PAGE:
On  30 November 2023 the Centre for Human Rights at the University of Pretoria(UP), hosted a regional engagement on rights-based approaches to addressing disinformation in Southern Africa. The engagement  had members of academia, media and civil society from Botswana, Eswatini, Lesotho, Malawi, Mozambique, Namibia, Zambia and Zimbabwe.

The objective of engagement was to discuss the impact of disinformation in Southern Africa;  to evaluate approaches to disinformation, against international laws and standards; and to explore rights-based approaches to combat disinformation.

In conceptualising disinformation and setting the context, participants discussed the various forms of misinformation and disinformation. This provided a springboard for exploring the prevalence of different forms of information disorder and the appropriate stakeholder responses. Each participant briefly described the state of disinformation in their countries and in relation to their work.

The preliminary sessions were followed by panel discussions on the intersection between disinformation and politics and elections, media, and vulnerable and marginalised groups including women, youth, persons with disabilities, sexual minorities and children. The final panel on emerging issues explored social media accountability, artificial intelligence, and climate and environmental justice. The panellists noted that disinformation is spread by various actors including politicians, media and even ordinary citizens. Periods that attract heightened public discourse such as elections are particularly vulnerable to disinformation that compromises the integrity of the information ecosystem. The media plays a dual function as purveyors and combats of disinformation. Given the responsibility of journalists to sustain and deepen democracy and protect public interest, there is a need to enhance accurate and objective reporting by the media.  Participants also called for holders of public interest information to proactively and promptly disclose accurate and credible information as an important strategy to address disinformation.

Various organisations have released or are developing evidence-based research to inform strategic interventions on disinformation. Participants shared the different approaches they have used to address disinformation in their different contexts. LEXOTA (Laws on Expression Online: Tracker and Analysis) is one such tool that analyses disinformation laws and law enforcement actions in sub-Saharan Africa and their impact on freedom of expression. Of particular concern are vague and broadly phrased provisions susceptible to misinterpretation and misuse by law enforcement actors. Further, many of the laws have disproportionate sanctions that are out of place in a democratic society. The tool was developed as part of a multi-stakeholder collaboration that included the Centre. Media Monitoring Africa (MMA) discussed the impact of Real 411, a platform for the public to report digital harms such as disinformation, hate speech, harassment and incitement to violence. The Independent Electoral Commission of South Africa (IEC) and MMA created, and manage the platform. Real 411 is a useful reference for topics that are vulnerable to disinformation as South Africa gears towards the 2024 elections and can inform stakeholder interventions. Media Institute of Southern Africa (MISA) - Mozambique scaled up a fact-checking initiative on health misinformation and disinformation to include electoral disinformation ahead of the 2024 elections. In Eswatini, the Coordinating Assembly of Non-Governmental Organisations conducted a 2023 study on the electoral context that also examined the impact of disinformation on the elections. Additionally, MISA Lesotho is focusing on media literacy to tackle disinformation.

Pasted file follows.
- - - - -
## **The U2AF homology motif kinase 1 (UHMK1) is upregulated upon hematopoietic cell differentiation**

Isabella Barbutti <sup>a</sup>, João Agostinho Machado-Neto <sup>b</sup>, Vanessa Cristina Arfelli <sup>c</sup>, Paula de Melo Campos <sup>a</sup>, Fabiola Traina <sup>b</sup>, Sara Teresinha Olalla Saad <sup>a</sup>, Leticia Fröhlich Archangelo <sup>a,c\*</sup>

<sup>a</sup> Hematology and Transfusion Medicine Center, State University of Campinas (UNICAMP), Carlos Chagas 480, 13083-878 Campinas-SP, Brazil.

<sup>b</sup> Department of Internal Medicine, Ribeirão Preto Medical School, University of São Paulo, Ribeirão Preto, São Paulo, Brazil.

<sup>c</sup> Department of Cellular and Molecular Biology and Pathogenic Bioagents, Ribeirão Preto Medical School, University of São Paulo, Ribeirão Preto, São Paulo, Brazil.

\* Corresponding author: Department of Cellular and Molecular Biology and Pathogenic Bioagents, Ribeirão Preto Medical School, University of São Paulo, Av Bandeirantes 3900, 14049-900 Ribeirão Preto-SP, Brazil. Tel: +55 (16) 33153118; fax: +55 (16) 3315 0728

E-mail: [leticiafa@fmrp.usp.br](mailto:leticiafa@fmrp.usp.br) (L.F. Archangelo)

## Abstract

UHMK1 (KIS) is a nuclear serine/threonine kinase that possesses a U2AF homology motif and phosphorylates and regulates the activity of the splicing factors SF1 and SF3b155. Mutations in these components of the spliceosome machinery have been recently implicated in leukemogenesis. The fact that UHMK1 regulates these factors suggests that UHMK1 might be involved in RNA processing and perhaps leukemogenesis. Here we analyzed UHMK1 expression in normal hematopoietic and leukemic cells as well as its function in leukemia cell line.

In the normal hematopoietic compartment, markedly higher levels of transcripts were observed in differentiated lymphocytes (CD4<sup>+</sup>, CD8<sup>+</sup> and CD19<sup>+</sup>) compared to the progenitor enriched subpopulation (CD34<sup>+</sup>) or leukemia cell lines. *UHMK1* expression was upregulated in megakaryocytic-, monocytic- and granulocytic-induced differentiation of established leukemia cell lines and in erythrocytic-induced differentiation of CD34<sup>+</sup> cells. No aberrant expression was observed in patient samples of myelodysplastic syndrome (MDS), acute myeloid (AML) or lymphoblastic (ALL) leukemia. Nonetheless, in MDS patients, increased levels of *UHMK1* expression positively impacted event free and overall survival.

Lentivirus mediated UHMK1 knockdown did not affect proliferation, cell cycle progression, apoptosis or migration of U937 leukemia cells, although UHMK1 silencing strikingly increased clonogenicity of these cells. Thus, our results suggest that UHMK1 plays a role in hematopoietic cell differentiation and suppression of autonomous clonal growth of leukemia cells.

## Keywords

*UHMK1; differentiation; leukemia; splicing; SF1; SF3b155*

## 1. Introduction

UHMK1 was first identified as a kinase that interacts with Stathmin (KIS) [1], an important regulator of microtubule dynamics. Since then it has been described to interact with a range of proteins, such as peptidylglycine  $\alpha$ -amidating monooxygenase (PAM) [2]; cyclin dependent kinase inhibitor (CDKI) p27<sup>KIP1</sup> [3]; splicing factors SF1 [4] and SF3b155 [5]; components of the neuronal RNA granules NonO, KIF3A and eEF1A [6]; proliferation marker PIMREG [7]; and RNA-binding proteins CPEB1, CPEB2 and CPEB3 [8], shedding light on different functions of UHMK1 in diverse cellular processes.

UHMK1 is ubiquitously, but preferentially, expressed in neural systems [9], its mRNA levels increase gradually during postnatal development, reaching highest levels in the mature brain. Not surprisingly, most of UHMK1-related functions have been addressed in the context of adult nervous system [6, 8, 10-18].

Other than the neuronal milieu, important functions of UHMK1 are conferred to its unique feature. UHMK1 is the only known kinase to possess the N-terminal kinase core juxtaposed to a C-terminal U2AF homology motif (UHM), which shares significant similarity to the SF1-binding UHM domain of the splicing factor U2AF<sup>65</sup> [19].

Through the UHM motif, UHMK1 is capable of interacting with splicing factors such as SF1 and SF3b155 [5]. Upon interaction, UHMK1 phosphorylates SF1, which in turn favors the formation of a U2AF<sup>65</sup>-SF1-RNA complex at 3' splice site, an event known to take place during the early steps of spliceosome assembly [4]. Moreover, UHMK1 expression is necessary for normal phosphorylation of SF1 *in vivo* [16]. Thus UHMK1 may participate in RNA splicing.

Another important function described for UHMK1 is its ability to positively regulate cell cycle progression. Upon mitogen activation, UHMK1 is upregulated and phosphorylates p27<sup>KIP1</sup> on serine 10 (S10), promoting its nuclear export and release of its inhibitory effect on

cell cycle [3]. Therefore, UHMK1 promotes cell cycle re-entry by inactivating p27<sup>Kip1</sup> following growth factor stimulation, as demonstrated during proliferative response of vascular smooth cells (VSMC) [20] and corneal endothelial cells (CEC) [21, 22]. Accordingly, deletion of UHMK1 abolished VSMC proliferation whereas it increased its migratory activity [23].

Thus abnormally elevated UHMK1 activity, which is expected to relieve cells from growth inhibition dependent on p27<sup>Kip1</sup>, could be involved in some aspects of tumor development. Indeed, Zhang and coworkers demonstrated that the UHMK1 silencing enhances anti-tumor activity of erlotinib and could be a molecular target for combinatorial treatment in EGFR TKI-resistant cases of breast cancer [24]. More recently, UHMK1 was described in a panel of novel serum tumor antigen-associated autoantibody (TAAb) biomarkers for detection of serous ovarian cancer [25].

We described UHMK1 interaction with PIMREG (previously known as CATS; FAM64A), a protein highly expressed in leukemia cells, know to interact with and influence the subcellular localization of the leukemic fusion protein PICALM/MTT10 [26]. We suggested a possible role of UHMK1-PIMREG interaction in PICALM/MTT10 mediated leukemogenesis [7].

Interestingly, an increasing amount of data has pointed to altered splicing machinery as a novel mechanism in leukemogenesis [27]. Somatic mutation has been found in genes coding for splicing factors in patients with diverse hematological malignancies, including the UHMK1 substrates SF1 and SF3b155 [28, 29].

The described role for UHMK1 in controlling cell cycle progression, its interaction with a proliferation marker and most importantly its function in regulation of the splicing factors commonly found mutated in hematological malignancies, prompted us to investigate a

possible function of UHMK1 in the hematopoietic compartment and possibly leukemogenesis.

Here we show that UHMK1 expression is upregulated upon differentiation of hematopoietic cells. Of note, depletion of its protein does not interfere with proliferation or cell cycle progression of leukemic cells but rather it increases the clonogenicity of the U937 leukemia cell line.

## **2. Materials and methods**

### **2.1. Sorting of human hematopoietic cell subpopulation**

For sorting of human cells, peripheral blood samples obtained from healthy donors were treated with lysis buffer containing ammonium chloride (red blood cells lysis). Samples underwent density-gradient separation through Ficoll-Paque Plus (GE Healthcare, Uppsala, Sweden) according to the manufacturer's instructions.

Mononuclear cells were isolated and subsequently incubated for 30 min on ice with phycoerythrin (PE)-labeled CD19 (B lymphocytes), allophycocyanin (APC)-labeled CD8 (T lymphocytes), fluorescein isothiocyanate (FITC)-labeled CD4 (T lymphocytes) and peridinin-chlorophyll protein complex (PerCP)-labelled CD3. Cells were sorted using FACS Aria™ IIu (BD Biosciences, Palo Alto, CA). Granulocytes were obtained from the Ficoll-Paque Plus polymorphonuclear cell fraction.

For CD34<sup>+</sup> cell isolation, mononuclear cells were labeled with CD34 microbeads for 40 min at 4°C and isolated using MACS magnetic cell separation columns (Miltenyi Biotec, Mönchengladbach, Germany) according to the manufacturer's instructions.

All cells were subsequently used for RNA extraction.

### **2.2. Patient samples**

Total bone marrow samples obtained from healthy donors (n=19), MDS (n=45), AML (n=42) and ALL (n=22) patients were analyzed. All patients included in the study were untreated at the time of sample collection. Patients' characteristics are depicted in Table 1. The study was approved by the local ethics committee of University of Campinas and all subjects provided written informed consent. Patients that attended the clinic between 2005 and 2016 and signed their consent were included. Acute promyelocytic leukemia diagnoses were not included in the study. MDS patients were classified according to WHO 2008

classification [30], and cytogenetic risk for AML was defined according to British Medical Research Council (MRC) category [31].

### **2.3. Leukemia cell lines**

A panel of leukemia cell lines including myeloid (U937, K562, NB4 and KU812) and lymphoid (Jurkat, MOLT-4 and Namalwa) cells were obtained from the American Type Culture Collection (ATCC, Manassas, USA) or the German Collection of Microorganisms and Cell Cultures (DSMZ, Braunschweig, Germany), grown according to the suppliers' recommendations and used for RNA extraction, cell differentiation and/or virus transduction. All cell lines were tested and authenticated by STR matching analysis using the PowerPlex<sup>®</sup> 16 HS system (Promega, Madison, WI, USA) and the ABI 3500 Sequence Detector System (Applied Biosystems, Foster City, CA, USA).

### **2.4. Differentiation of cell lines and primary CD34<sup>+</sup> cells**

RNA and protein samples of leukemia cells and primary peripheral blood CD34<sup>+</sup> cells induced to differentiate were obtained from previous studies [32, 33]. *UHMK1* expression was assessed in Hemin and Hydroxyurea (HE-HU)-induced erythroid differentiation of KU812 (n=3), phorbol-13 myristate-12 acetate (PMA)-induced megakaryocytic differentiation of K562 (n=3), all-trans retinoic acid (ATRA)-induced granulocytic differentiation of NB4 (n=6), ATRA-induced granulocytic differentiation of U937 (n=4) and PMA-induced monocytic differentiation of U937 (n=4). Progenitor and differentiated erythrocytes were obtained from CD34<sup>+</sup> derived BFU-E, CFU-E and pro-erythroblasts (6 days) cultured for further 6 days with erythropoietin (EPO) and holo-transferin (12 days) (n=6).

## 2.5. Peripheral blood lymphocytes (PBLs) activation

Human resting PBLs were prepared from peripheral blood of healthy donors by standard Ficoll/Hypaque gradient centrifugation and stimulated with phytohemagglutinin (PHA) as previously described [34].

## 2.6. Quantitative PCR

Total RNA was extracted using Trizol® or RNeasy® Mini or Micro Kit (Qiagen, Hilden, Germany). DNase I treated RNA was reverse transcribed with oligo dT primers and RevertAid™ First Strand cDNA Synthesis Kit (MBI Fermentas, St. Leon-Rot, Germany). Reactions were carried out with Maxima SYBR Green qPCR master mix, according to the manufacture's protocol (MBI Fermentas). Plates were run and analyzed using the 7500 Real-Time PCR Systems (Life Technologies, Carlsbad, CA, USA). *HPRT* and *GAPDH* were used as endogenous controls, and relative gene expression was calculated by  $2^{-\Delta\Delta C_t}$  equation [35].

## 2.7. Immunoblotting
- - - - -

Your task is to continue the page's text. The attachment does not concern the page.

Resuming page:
Moving forward, the participants called for increased evidence-based advocacy on rights-based approaches to handling disinformation particularly, by using a multistakeholder approach including civil society, the public and private sector and ordinary citizens. Capacity building of critical stakeholders such as parliamentarians and judicial officers who influence public perspectives and laws is also key. Additionally, civil society, media and human rights defenders should engage in continuous training on opportunities and threats to digital rights including disinformation. Where possible, stakeholders can embark on strategic litigation, for example, to counter controversial laws on disinformation that negatively impact freedom of expression. 




 Subscribe to our newsletter